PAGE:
Colleen Claes

Colleen Claes
Location
Chicago, Illinois, USA
Birthday
January 08
Title
Freelance Writer
Bio
I'm a freelance writer and blogger when I'm not working 9 to 5. I graduated in 2009 with a B.A. in film and screenwriting. I'm particularly interested in the intersection of media (usually film) and culture. I've contributed to Examiner.com as the Chicago Cult Classics Examiner and have been interviewed by USA Today for my film expertise. I write at a few other places (both for myself and other people), which you find below My Links.

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APRIL 13, 2011 2:38PM

'Melancholia': End of the World as Lars von Trier Knows It

Rate: 1 Flag

 As a fan of Lars von Trier, Charlotte Gainsbourg, and pretty much any "wedding movie" with a dark premise (don't ask), I'm excited about this. Salon writer Drew Grant already referred to it as "Rachel Getting Married meets Donnie Darko," which seems fair, at least from this trailer.

Either way, von Trier's upcoming film Melancholia looks like a departure in story/plot for him, while still retaining that "beautiful-but-uncomfortable-and-slightly-ridiculous" quality he (usually) pulls off so well.

The Wikipedia page for this movie says:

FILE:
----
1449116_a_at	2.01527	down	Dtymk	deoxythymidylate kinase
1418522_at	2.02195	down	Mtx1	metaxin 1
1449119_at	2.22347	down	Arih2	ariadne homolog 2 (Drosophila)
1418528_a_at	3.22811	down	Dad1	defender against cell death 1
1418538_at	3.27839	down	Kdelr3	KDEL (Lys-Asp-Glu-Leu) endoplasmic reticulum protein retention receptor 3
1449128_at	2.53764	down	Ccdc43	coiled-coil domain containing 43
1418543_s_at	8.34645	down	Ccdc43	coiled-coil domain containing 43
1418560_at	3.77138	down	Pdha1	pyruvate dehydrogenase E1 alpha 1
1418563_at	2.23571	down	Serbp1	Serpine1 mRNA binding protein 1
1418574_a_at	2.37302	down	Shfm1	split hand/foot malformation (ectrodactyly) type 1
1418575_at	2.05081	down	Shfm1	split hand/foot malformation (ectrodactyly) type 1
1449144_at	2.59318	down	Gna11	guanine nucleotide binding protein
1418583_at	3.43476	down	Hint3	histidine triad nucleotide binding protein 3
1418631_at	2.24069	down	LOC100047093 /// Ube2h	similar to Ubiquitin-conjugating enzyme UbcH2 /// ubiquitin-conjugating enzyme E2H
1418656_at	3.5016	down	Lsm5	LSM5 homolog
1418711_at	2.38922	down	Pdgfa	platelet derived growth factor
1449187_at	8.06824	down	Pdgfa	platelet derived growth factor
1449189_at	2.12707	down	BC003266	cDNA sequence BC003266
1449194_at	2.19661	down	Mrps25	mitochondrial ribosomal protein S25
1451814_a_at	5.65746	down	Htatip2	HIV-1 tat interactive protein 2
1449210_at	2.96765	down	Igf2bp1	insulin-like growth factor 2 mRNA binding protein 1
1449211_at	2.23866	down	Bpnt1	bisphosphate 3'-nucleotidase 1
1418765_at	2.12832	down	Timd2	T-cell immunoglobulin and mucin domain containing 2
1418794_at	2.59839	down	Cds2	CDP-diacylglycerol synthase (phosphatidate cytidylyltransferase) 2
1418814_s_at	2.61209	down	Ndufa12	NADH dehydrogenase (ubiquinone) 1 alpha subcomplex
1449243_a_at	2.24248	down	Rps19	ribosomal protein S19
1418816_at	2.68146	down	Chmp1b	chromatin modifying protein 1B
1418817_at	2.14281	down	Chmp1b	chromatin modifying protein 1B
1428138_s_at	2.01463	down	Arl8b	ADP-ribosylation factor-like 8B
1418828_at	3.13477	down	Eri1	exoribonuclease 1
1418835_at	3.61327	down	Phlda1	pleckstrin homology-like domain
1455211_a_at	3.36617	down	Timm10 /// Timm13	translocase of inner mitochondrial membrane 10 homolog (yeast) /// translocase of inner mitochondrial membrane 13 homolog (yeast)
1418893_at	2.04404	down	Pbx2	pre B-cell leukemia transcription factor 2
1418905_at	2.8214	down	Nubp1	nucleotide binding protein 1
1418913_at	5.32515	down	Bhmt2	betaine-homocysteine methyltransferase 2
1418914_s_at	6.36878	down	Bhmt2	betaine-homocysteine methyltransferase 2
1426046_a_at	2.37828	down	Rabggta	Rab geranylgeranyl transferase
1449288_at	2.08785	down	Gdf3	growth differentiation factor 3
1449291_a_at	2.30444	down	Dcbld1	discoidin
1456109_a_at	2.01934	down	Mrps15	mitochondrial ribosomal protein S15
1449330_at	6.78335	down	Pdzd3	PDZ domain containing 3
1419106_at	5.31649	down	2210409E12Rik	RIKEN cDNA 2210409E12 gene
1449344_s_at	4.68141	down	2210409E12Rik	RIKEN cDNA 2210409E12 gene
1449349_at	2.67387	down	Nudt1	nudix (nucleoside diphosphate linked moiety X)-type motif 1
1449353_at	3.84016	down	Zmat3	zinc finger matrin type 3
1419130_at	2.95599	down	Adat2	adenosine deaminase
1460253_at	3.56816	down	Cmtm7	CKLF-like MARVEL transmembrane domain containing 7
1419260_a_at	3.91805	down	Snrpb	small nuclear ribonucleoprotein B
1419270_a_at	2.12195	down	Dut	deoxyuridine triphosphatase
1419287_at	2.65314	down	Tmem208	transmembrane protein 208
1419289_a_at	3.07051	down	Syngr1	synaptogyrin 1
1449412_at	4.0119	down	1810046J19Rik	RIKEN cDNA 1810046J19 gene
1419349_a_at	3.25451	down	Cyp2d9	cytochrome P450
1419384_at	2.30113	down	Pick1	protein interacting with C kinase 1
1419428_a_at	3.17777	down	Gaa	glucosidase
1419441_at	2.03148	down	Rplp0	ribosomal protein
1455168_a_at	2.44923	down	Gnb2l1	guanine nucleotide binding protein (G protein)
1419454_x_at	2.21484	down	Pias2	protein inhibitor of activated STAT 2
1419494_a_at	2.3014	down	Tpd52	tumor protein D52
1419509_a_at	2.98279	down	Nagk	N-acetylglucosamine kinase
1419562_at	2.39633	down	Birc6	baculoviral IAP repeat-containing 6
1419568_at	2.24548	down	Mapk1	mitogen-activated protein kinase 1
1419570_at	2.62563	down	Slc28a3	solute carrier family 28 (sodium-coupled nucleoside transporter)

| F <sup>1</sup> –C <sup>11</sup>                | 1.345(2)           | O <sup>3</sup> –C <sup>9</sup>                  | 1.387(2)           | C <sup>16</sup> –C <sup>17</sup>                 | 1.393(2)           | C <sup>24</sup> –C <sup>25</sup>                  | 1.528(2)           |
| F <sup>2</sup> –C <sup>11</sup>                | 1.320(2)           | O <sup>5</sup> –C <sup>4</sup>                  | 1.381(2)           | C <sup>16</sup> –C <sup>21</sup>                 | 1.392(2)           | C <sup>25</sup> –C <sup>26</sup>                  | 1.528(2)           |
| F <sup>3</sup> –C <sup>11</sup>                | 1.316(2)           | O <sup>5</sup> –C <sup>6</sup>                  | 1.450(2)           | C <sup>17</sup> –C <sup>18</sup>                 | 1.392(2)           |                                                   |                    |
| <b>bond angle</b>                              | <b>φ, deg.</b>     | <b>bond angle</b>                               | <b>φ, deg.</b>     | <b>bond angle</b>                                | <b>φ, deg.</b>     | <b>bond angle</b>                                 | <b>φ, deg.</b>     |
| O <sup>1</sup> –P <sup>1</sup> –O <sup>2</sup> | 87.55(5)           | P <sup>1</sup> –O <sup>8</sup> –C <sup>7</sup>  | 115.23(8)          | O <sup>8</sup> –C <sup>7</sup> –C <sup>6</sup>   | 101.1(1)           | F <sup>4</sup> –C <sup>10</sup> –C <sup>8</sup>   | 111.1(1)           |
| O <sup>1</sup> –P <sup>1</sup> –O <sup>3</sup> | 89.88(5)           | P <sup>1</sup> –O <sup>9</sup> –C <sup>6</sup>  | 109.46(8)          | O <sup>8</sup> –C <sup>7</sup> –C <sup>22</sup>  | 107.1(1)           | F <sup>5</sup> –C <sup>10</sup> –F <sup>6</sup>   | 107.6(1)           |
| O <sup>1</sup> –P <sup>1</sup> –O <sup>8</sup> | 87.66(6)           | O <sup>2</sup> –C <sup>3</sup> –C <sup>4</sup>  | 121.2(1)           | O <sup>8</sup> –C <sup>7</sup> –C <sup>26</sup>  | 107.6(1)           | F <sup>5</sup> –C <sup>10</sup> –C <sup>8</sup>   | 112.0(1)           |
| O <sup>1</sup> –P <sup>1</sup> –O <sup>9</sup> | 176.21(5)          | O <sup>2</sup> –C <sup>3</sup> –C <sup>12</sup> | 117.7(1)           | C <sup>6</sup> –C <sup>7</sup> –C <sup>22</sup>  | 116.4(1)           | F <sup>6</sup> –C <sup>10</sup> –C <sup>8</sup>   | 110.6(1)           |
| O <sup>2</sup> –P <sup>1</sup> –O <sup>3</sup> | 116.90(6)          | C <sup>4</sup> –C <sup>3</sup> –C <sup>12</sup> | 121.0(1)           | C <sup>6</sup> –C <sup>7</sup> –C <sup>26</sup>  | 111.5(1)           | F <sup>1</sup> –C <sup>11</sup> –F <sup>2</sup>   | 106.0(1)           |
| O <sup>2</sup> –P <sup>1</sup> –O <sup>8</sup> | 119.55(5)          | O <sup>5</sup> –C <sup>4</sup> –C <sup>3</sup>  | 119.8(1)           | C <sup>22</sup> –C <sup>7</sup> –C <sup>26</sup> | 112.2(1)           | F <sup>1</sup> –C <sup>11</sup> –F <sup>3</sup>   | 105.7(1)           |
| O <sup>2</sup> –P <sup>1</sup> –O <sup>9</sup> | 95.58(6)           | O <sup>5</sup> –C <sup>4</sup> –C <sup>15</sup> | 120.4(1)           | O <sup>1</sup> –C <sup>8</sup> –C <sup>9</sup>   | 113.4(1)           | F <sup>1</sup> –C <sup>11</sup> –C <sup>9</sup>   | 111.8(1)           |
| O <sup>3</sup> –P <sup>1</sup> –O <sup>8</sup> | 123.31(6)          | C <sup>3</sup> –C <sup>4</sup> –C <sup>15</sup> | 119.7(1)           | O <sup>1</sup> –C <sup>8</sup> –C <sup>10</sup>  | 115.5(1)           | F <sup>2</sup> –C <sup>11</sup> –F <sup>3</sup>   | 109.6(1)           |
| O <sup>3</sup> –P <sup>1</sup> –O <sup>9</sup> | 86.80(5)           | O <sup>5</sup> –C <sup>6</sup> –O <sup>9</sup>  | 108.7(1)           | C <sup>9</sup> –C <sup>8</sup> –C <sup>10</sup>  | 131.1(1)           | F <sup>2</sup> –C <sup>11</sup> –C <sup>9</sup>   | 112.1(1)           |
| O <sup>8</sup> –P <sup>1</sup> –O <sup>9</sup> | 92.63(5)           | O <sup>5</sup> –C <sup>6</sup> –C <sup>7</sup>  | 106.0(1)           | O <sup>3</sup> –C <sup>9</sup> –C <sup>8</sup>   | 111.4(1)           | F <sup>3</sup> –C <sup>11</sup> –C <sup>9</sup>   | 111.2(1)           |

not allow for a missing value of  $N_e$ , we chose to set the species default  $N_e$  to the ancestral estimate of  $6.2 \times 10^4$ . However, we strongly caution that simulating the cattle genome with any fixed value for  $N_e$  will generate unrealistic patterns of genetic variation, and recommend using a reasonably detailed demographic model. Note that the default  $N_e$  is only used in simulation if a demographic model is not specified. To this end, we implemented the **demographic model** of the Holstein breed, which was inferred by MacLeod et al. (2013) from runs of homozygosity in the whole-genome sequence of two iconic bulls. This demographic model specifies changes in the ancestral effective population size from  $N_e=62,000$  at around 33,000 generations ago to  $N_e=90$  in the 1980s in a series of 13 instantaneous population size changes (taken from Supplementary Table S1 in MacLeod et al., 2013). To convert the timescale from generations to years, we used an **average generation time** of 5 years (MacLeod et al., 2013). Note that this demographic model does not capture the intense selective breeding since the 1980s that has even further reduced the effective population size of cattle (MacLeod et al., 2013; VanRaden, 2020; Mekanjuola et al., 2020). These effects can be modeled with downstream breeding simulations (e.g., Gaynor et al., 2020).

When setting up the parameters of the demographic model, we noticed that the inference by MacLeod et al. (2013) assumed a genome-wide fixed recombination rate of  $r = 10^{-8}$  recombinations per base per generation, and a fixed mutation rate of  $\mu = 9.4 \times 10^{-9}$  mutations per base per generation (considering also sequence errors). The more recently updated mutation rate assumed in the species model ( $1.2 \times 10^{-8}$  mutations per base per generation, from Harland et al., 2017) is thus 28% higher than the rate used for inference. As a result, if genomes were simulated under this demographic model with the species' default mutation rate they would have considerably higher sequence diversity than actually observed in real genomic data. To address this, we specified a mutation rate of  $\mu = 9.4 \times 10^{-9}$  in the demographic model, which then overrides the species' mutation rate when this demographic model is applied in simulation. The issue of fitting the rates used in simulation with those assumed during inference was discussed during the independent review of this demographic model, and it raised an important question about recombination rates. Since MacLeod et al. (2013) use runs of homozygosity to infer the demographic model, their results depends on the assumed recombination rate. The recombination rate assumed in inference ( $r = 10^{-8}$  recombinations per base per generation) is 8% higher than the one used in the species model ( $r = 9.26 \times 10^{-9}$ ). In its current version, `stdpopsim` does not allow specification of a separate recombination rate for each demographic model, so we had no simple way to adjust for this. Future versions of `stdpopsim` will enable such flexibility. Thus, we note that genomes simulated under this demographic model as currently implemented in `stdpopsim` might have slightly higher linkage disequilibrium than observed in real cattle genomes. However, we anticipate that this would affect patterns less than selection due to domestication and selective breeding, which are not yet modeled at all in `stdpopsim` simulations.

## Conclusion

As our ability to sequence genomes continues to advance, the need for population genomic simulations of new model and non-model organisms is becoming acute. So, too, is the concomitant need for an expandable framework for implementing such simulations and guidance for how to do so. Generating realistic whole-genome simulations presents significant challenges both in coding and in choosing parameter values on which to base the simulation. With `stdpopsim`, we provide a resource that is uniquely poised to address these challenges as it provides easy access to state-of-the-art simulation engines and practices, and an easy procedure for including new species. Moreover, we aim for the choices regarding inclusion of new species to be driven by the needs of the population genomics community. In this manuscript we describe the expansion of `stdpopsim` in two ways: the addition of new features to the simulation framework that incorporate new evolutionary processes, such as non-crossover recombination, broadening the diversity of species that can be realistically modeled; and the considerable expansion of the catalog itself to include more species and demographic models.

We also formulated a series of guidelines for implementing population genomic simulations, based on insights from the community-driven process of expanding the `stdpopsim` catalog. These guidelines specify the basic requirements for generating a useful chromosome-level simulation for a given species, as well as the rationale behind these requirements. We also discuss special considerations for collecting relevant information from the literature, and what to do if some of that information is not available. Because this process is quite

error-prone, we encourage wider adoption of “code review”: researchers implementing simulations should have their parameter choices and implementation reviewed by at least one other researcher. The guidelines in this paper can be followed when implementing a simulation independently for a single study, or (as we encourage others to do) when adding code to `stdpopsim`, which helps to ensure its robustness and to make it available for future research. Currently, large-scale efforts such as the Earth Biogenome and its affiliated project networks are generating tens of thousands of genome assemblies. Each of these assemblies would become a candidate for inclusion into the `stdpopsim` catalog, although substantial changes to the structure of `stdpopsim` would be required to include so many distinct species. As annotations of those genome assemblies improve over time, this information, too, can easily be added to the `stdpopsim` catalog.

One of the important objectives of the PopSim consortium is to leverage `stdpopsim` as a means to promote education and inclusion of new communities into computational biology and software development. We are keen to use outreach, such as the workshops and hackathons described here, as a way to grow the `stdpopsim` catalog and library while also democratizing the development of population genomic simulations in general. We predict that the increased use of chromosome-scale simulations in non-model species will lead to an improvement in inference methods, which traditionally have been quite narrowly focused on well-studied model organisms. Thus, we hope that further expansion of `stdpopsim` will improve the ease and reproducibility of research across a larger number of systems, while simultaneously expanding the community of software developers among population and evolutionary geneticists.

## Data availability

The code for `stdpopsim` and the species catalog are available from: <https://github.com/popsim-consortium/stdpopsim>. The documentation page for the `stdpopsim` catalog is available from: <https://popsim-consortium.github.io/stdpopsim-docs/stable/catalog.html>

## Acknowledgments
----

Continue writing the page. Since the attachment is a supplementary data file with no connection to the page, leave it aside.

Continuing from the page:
"Trier has said that he considers all of his previous films to end happily, and that this will be the first with an unhappy ending."

Oh yes, of course, because Dancer in the Dark was basically the Wizard of Oz of our time. I wouldn't expect anything less from this smart ass, insane, and genius filmmaker.

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Comments

Type your comment below:
ha...! Love the premise of this new feel-good-er
from our friend von Trier:
Kirsten Dunst gets married & then succumbs to
such a deep melancholia that she calmly accepts
the end of the world
when a hitherto unknown planet
previously hiding behind the sun
collides with us.

Good role for Mz. Squeaky cheerleader Dunst, maybe...
Von Trier never disappoints...
well, almost never..
James - I think that's the best part about von Trier - you can say he's brilliant but admit he's failed to amaze at times. With films that extreme, it's hard to succeed each time.
my own personal favorite von trier experience
was watching that miniseries "the kingdom"
(totally f-ed up by stephen king in an american adaptation)
i only saw half of it, alas.

extremity often brings our moral introjections
into play...
(eg "i feel guilty watching such explicit stuff...
damn this artist for
delving down into my id!")

Then again, Hitchcock pulled off alot of entertaining
extremity.

I say: art has to be entertaining.
if it has any chance of ever being funded, ha..
At least these days...